Simon Berry has already been a contributor to Autumn Voices with his essay 'A Born-Again Creative' (Sept.017). Here, in his latest piece, Simon writes
about the gestation of his most recent poems which he hopes to see in print next year under the title of Anger/Man/Age.

Poems 2016-2019 by Simon Berry

The United Kingdom has never felt less so. Our new-found populism or perhaps it should be brutalism has shredded the rulebook of public discourse: those in power feel they can unburden themselves at a tweet. It remains to be seen whether the conduct of our public debate filters down to the more personal. It would be surprising if it doesn’t. The discarding of respect, moderation and empathy will surely lead to more confrontation, intransigence and anger in all areas of our lives.

In my second poetry collection I have tried to absorb the prevailing mood of the last three tumultuous years. These poems (each assigned a year) could broadly be categorised as personally engaged without being radically involved. Their main inspiration is the polarisation of views and attitudes that has spread throughout the UK since the 2015 and 2016 referenda.

As a former journalist, biographer and interviewer I explore the roots of these volatile emotions partly through individual stories of people caught up in dilemmas that seem to threaten their very identity. An apparently trivial event may cause them to sense their existence is spiralling out of control. In a world where polarities are the only perspectives on offer any attempt to change must cause deep disorientation. The implications for mental health are obvious. The dangers to our language are already evident as a word like collaborator has its frame of reference racked to breaking point.

Rather than addressing these issues head-on I approach them obliquely by making analogies and seeing where the parallels converge. Several poems feature speakers who are not always human. We should be prepared to listen to the views of these others. Maybe they have something useful to tell us about the way modern humans live.

In Anger/Man/Age a herring gull watching through a kitchen window makes a chilling assessment of life on the other side of the glass; a mouse drowns through one fatal misjudgement; a cave-dweller begins to suspect there is more to life than his restricted existence; one who wishes to be kinder struggles to understand the manual; a wardrobe with traditional values plots its revenge on its new owner; a digital assistant is programmed not to provide information on demand but rather challenge its owner’s every last assumption.

My views, despite best efforts, occasionally seep through. I am frequently amazed at my own anger. Weren’t you led to believe with age you would become the still centre of a turning world? So why should I become so obsessed with (for example) the continuing debasement of language and devaluation of culture? Why is it so difficult to remain truly dispassionate, a quality that traditionally is associated with increasing age and wisdom?

We’re just so ‘passionate’ these days we claim.
Enthusiastic no longer cuts the mustard.
Passionate should mean I’m breathless, flustered
In a whirlwind of emotions, appetites untamed.

These are accessible poems designed to be read from the page, sometimes calling on well-established models and forms such as the sonnet (here in its angry version, the Soddit). When Anger/Man/Age is published next year I hope readers will find in these poems some dark humour, a little light relief and plenty to question.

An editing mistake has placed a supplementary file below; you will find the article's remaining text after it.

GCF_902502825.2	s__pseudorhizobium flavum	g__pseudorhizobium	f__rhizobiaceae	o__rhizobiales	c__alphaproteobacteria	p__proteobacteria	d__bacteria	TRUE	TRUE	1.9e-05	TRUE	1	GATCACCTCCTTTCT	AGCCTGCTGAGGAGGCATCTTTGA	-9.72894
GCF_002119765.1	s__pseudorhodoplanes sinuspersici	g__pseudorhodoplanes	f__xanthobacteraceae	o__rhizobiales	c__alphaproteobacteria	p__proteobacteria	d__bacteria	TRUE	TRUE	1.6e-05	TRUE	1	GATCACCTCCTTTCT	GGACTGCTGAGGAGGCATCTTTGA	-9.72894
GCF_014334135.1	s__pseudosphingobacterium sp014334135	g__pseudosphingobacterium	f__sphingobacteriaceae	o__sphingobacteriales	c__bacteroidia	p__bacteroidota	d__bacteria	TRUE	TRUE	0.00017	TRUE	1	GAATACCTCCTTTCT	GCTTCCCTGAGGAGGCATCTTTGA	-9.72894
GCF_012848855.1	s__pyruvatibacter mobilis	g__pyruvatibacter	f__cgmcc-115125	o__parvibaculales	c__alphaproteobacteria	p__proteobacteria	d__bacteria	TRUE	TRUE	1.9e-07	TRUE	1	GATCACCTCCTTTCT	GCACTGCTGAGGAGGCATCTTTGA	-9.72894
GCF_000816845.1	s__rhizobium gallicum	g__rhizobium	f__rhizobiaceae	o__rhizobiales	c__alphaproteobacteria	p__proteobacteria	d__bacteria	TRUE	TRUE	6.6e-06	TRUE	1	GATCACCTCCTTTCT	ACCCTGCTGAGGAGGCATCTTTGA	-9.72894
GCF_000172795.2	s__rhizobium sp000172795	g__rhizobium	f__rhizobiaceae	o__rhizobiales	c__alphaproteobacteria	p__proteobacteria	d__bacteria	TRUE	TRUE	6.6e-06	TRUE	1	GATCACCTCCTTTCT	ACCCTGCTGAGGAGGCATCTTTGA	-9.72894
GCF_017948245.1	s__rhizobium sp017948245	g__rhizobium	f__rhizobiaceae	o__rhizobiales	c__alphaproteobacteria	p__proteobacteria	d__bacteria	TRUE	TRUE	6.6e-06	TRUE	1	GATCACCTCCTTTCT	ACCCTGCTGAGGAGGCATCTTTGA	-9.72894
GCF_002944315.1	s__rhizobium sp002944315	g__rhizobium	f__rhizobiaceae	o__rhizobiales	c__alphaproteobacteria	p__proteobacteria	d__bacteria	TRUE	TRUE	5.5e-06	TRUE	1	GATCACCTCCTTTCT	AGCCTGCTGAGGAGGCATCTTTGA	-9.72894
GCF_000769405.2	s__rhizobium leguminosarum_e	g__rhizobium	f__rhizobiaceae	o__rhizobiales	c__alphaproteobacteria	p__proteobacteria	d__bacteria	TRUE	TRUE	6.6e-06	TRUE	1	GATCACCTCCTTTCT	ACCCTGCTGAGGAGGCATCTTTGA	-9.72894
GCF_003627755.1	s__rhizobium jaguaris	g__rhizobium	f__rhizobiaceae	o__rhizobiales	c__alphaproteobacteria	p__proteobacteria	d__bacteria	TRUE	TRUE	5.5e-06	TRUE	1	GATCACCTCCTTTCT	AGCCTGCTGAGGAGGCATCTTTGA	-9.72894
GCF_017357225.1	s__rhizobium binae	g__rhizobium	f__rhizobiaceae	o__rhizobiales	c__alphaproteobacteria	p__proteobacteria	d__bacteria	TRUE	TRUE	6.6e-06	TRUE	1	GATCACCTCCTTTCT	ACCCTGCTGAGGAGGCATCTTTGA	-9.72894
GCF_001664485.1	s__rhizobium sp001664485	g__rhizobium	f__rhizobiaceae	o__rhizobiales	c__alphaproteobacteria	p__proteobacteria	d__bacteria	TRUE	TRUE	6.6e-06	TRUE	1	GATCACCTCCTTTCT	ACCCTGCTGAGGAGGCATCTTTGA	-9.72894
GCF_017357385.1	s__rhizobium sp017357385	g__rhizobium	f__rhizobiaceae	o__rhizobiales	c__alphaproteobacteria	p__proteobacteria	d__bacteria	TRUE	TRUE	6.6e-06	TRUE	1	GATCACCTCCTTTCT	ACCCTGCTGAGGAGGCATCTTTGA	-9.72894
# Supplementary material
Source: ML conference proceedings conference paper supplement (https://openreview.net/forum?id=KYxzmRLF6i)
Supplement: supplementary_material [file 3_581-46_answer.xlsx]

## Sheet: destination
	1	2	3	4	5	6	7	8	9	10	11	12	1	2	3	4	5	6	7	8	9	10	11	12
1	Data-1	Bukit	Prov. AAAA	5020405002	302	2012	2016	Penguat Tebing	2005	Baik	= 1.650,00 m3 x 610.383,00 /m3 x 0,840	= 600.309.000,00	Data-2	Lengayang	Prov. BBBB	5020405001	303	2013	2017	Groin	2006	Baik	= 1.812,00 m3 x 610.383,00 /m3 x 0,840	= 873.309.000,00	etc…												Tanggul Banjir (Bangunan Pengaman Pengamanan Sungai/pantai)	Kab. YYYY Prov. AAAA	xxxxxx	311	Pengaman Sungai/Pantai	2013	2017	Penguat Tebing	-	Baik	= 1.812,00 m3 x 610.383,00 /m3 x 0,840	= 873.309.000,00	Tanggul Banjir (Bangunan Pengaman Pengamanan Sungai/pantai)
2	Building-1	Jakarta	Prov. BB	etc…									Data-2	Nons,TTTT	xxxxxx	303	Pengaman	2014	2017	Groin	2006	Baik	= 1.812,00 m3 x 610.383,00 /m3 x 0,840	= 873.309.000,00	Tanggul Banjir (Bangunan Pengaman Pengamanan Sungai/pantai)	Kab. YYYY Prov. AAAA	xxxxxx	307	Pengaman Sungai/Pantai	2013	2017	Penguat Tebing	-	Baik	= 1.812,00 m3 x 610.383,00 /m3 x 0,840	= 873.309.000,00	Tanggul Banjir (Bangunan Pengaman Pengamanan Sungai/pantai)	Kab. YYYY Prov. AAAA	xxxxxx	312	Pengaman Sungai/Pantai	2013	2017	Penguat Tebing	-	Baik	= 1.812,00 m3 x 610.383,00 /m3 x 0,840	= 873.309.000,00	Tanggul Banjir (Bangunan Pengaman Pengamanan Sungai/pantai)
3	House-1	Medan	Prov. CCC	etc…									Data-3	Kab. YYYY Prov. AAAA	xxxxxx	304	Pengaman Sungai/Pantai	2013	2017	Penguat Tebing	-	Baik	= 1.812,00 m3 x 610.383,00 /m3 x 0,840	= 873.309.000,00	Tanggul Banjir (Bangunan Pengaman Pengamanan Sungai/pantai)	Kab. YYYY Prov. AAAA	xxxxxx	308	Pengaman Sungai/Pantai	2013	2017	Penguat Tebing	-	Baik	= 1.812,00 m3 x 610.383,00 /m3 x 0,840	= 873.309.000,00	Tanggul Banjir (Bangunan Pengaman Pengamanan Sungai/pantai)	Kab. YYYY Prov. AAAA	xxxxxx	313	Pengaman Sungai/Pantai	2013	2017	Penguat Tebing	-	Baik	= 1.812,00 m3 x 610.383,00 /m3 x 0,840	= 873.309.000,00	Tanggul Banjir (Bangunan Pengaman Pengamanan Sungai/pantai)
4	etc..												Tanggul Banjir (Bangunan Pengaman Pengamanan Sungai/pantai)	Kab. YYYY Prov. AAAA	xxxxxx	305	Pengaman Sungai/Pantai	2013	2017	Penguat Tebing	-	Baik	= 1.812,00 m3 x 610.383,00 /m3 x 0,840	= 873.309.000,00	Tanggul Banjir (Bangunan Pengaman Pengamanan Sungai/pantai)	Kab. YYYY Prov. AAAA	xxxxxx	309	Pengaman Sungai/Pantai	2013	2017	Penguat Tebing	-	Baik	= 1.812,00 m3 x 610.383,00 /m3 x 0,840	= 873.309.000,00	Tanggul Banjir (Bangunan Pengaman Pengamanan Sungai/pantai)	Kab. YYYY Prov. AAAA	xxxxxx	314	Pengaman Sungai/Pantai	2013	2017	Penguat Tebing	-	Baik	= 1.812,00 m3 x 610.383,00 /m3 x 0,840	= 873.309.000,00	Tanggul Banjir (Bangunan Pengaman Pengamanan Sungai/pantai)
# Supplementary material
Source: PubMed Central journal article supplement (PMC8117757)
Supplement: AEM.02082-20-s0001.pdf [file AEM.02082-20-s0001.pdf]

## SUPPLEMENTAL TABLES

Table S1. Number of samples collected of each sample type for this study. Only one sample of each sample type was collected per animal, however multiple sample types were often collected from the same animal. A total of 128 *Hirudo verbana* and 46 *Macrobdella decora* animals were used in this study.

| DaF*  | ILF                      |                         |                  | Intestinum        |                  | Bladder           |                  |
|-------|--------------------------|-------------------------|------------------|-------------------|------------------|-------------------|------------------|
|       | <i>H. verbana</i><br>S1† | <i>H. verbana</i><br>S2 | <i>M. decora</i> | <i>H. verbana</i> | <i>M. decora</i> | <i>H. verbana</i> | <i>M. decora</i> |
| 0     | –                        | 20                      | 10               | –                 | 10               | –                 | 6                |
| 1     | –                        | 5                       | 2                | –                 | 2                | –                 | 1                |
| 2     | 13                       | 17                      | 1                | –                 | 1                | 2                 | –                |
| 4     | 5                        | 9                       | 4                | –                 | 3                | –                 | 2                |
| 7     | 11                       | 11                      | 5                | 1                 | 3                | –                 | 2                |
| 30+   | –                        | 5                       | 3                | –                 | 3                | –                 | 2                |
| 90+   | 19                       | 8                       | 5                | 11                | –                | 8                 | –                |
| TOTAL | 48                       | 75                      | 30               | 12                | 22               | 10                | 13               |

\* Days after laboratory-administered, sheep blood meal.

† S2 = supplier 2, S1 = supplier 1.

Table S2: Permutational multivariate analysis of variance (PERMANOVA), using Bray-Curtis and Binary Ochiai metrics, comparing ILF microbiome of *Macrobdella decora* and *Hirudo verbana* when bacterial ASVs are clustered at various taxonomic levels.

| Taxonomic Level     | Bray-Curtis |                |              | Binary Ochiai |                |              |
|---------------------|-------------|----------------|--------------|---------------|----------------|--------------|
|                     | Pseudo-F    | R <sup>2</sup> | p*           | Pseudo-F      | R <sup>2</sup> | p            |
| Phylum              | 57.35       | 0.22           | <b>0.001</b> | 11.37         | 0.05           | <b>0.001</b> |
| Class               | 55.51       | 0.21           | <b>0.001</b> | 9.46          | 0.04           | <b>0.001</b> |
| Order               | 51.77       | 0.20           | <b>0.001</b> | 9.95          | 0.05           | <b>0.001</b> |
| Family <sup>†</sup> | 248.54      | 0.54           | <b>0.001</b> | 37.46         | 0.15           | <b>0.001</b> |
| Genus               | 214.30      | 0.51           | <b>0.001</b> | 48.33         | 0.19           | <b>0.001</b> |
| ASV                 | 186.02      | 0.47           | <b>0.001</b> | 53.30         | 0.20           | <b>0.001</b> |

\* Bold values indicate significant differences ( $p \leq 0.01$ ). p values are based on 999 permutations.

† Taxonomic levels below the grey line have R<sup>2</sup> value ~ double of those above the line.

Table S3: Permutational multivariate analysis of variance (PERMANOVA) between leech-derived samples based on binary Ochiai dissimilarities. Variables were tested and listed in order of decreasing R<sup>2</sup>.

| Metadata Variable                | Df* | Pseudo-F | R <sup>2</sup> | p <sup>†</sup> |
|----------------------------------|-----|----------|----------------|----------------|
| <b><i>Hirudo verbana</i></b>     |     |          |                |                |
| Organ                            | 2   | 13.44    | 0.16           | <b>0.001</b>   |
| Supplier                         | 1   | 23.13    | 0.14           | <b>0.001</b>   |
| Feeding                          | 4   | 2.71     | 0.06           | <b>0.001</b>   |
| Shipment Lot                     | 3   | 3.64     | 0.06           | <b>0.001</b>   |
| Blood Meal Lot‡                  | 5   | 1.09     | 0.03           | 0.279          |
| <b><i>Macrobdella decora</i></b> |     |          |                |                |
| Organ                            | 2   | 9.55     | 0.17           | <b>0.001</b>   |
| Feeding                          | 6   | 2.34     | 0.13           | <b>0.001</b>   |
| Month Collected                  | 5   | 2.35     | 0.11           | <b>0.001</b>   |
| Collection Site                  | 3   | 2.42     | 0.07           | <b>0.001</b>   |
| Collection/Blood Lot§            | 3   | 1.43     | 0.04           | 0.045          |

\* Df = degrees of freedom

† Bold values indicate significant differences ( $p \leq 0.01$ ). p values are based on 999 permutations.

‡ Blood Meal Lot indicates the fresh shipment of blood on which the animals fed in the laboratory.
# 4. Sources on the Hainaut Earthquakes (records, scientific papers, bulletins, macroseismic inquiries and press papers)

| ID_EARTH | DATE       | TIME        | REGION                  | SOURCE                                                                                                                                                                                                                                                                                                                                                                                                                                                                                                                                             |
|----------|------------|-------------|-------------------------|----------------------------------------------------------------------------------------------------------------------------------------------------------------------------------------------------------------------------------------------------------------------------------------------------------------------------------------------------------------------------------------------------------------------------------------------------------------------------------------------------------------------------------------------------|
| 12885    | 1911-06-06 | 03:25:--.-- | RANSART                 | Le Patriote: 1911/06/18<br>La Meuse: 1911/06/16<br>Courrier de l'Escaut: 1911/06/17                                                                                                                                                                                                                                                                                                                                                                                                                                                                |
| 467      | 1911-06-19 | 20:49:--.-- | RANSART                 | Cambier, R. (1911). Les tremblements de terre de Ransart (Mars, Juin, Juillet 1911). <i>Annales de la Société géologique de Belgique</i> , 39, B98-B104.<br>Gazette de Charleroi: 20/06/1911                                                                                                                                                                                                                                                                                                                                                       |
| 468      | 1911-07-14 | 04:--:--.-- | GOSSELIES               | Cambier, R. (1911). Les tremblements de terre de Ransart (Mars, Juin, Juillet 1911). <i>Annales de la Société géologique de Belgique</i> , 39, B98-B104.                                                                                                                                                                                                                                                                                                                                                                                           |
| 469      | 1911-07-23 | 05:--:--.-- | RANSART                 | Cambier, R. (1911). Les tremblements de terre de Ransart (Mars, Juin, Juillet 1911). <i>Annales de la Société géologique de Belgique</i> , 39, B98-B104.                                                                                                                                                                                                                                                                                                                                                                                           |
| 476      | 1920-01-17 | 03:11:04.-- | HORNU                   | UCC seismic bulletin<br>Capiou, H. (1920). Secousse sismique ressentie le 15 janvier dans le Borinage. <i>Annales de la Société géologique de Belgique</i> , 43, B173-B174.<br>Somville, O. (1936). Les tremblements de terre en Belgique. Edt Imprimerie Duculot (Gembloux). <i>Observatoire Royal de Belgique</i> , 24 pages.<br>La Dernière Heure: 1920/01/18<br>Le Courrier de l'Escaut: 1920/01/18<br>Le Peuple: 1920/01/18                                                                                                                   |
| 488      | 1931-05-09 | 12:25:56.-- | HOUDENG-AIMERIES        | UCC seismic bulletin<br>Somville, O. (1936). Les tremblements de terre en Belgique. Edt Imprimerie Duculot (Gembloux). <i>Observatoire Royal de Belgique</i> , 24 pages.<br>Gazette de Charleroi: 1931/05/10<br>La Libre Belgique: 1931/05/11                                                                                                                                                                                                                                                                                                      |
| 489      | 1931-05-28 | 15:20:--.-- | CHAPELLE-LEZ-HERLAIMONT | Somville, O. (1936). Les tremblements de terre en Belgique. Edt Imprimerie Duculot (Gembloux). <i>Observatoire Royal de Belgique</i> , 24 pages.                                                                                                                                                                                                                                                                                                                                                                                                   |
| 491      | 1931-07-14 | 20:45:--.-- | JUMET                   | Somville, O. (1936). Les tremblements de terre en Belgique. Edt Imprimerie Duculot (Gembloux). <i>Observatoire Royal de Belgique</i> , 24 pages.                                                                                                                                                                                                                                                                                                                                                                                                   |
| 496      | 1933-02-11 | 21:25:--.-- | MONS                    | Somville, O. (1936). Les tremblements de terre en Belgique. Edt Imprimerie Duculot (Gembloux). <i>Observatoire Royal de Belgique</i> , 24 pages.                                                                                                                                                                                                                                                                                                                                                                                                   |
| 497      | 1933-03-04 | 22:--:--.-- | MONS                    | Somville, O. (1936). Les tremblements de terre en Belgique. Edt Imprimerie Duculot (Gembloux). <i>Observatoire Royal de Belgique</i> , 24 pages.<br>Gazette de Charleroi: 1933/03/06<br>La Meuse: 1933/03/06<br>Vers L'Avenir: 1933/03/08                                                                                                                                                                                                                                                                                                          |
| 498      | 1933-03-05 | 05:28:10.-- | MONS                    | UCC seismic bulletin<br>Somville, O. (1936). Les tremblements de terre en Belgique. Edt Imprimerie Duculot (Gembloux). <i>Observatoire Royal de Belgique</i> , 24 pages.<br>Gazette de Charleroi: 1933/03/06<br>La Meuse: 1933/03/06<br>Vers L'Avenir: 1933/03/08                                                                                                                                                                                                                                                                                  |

We seem to be quite out of milk chocolate; here’s some of the dark kind –

Well that’s what gran called it
A fine Scots word to cover a range
of moods from joviality to something
considerably more of a threat
My mum’s brother uncle Joe lived
with his mum or rather lived
off her and her widow’s pension
His earnings barely covered booze and fags
When affable Joe was entertainment
for a nine-year-old amazed by a pingpong
ball discovered under his shirt collar
His affability never lasted for long
Dexterity dissolved as the last rum kicked in
balance wobbly as the gravitational pull
of furniture spoilt his orbit around the parlour
Was it still being stocious I wonder now
when the piano lid was slammed down
after a few fumbled bars? Or when gran
bustled in to grab me for unexpected
farewells and his “Awa’ tae fuck”
His liver got him but he’d outlived gran
occupying her council house rarely seen
by the neighbours So I was considered suitable
to help clear the house of empties tightly
stashed in Asda bags and when they’d gone
excess bottles of all colours and sizes
he’d carefully arranged like snooker balls
advancing from a corner of that parlour

Twenty-five years later I’m now Joe’s age
Until recently I’d rarely thought about him
or his apparently purposeless existence
Not being one for booze or smokes I’d never
felt the urge to empathise but nowadays
I begin to recognise that tightly suppressed anger
which refuelled those stocious episodes
Corrosive rage is my unwanted confidant
as I too blunder through one undistinguished day
after another and another finally accepting
no more pingpong balls are there
for him to magic from my collar


Brothers, we need confessions from all heretics
let’s invent the rack.

Soldiers, we need to scythe our enemy
Before he has a chance to bayonet us
so why not invent the Gatling gun?

Patriots, we must wipe out lesser breeds
In case we may become contaminated
don’t worry, we’ve found the death camp.

Sons, we needed to flee to reach the border
We had to walk ten days in the hot sun
so I told you a lion was stalking us.

Necessity makes its own laws
To justify extreme measures.
We’re in a moral maze, our situation
Becomes more hopeless by the day.

So what’s next to invent, mother?